Exit, Pursued by a Bear
March 6, 2012
The bears in The Ballad of Betsy Paradise, a whimsical and not always coherent drama about the elasticity of time written by Dan Poston and directed by Joy Brooke Fairfield at Stanford on Thursday night, were of the creepy variety. Mustard yellow in color, slightly threadbare and bulbous bellied, the bears had smiling faces and inert saucer eyes. They were the sort of bears that nightmares are made of. In the context of the play, which followed the real and make-believe life of an 11-year-old girl, the bears represented a haunted, lost childhood, something less to be remembered fondly as much as feared.
Contrastingly, in Timboctou, Alejandro Ricano's hard-hitting and complex drama about American-Mexican relations and, more broadly, mankind's twin impulses to nurture and destroy itself and the planet at REDCAT in Los Angeles on Saturday night, director Martin Acosta staged scenes in which a pair of actors in polar bear costumes behaved as cutely as possible. The costumes were somewhat realistic and very fluffy. Because one costume held a tall actor and the other a very short one, the dynamic was that of a parent-child bear pair, which further increased the "awww" factor. They clambered around and played in a way that was in stark contrast to the aggressive, serious punchiness of the rest of the action going on on stage, with actors engaged in scenes of violence and ruin punctuated by explosive martial arts-like movements, military marching and a near-constant flow of expletives. At the end of the play, when the bears performed a surreal ballet to a somber piece of music by Handel, the effect was bizarre and slightly chilling. The bears in this play signified a different version of loss from that of the student production at Stanford -- a place where animals frolic in a natural nirvana unblemished by global warming.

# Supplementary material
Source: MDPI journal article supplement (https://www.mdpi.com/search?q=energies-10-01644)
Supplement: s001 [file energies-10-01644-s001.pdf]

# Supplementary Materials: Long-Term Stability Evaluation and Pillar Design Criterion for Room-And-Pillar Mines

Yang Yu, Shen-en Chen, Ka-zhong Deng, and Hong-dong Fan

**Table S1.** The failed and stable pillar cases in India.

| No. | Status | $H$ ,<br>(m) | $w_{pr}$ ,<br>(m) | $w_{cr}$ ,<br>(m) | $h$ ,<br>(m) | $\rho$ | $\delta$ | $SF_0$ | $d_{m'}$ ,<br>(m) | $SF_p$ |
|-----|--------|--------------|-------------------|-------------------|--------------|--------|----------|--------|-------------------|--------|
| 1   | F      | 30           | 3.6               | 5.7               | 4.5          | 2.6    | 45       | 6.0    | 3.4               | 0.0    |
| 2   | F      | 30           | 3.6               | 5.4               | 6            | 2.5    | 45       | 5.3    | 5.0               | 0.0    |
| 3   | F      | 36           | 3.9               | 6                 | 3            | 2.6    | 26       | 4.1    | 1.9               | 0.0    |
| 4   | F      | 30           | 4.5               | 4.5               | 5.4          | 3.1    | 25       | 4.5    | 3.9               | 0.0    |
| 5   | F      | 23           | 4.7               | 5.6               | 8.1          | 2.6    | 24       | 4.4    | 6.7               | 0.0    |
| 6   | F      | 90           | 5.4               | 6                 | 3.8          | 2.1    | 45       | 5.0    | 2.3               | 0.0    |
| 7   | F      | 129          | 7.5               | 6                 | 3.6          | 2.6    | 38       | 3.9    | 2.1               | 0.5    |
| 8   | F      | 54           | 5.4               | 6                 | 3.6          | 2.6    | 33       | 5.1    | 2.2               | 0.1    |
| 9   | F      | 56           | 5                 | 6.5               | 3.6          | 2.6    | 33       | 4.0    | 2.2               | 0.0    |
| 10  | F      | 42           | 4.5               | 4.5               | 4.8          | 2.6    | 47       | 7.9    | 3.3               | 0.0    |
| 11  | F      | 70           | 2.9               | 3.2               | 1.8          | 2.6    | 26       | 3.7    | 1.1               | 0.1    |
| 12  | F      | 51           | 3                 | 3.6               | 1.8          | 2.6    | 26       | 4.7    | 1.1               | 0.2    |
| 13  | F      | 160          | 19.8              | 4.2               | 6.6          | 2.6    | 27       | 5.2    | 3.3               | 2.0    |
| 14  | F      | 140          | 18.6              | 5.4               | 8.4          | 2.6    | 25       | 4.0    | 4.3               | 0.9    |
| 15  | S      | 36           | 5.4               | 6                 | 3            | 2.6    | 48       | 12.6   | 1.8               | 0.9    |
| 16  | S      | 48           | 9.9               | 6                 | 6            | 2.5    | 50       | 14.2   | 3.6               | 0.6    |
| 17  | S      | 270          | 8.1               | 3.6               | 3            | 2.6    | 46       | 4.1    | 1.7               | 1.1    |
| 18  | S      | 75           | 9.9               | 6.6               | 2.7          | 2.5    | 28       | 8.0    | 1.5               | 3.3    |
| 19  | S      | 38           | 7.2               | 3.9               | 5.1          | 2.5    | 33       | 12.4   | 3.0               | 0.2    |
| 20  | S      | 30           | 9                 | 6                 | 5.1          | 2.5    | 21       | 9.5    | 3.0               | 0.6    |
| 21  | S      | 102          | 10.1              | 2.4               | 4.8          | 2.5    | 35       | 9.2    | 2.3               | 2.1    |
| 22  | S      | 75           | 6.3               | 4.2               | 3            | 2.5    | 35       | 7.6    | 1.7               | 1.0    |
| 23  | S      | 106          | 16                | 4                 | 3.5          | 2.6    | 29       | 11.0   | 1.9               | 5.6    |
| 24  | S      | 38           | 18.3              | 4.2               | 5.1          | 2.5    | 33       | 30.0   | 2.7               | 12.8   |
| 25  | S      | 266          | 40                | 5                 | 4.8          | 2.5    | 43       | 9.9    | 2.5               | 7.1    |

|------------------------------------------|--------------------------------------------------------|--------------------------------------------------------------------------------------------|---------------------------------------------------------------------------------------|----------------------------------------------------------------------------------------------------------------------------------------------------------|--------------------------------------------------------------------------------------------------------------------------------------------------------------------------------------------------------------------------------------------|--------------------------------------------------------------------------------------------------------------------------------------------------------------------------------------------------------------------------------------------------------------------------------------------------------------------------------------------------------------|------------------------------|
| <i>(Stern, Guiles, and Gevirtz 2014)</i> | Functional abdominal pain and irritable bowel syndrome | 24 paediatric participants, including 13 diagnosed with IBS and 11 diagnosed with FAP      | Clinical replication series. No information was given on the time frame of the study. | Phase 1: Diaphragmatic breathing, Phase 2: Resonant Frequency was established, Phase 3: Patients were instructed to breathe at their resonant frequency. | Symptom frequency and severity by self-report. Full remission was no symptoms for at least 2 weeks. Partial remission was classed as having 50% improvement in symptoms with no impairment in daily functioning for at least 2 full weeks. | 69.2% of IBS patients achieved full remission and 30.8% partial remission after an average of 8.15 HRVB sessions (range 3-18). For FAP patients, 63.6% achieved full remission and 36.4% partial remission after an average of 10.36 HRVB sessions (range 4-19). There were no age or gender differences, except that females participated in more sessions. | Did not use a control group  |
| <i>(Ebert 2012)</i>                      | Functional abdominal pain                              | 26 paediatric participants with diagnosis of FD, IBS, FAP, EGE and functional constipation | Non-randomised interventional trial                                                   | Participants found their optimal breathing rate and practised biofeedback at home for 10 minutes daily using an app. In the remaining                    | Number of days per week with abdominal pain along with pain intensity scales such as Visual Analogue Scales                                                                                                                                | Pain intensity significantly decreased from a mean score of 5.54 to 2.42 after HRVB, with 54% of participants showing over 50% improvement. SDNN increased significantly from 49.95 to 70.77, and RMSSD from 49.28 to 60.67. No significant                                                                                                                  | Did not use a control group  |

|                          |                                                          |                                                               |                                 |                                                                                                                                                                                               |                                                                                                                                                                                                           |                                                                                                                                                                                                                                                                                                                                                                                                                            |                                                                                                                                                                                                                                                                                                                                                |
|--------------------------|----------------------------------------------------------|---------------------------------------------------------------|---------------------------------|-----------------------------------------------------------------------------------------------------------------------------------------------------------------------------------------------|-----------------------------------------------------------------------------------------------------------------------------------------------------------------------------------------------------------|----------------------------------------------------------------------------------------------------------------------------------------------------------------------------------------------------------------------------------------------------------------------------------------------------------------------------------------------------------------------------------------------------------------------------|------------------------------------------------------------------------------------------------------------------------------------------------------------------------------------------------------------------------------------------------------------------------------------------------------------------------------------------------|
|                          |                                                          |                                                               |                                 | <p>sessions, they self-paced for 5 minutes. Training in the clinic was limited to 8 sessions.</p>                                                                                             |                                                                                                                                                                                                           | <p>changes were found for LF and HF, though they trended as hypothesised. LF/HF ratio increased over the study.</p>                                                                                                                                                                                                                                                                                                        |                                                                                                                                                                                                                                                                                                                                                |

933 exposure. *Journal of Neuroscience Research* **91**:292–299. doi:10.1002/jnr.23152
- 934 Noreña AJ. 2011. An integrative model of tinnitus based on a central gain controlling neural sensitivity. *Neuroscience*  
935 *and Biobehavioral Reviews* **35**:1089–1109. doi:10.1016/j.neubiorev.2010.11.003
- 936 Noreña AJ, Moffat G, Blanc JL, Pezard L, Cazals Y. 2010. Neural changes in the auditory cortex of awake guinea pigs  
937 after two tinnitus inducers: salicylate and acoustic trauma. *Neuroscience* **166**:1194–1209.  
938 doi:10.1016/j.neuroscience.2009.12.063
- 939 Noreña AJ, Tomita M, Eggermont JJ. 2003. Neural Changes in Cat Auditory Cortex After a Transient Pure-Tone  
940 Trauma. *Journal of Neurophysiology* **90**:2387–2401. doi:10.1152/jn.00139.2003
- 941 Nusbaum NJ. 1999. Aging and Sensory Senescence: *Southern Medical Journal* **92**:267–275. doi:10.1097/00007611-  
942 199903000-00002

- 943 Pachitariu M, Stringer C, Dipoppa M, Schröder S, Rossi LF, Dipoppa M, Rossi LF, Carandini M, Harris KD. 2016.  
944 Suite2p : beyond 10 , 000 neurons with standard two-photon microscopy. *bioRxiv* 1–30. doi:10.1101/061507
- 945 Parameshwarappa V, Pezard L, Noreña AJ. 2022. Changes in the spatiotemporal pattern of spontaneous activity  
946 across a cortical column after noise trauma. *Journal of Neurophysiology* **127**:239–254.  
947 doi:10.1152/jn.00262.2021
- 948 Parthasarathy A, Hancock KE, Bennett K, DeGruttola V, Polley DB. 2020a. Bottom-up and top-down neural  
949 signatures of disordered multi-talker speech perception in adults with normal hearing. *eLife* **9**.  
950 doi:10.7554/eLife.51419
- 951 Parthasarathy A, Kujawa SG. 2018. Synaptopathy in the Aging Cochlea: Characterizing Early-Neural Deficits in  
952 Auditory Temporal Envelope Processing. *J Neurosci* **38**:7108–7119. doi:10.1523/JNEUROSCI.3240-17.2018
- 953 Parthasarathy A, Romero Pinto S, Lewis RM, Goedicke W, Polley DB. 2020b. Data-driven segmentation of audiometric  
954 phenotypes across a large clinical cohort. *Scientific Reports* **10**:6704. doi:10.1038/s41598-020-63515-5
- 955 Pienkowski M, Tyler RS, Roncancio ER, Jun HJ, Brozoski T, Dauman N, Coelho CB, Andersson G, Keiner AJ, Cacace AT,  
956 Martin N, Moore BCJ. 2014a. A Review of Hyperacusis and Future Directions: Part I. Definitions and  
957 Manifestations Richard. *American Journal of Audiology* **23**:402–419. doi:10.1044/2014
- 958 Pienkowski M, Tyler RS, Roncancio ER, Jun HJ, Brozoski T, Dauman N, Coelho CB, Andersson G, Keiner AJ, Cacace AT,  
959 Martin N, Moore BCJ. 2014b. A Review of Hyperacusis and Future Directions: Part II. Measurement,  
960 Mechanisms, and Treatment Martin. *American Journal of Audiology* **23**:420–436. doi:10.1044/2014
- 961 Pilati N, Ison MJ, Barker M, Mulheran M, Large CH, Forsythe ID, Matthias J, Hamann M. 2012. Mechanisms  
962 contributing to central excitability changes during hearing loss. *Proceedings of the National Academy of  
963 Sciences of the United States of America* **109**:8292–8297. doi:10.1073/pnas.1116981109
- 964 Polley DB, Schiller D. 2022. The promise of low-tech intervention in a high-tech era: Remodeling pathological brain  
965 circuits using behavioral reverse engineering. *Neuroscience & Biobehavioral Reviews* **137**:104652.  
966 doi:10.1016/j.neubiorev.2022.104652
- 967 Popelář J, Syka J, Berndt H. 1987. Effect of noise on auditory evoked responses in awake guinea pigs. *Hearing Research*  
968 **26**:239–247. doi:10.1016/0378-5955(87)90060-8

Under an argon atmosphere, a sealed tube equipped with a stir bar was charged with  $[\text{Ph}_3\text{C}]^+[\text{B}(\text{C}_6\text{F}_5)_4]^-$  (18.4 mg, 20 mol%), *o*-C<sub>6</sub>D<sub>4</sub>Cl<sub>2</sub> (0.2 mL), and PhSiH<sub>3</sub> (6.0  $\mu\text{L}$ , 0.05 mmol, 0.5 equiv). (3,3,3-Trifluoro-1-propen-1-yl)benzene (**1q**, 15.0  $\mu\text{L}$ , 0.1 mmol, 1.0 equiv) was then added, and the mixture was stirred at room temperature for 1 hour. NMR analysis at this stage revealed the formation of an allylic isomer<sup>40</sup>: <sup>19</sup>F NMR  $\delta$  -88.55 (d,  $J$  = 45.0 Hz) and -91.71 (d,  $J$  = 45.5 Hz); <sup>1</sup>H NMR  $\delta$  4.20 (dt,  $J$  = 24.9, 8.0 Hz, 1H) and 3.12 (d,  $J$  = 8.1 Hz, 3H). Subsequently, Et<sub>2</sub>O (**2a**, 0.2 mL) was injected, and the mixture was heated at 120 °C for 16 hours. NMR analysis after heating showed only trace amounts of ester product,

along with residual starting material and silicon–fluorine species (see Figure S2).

At this point in my blog post, I ought to be ready to pontificate about what the pairs of bears on stage could possibly mean. But the truth is, I've no idea. Their presence will simply have to remain a wonderful curiosity of a weekend of theatre-going.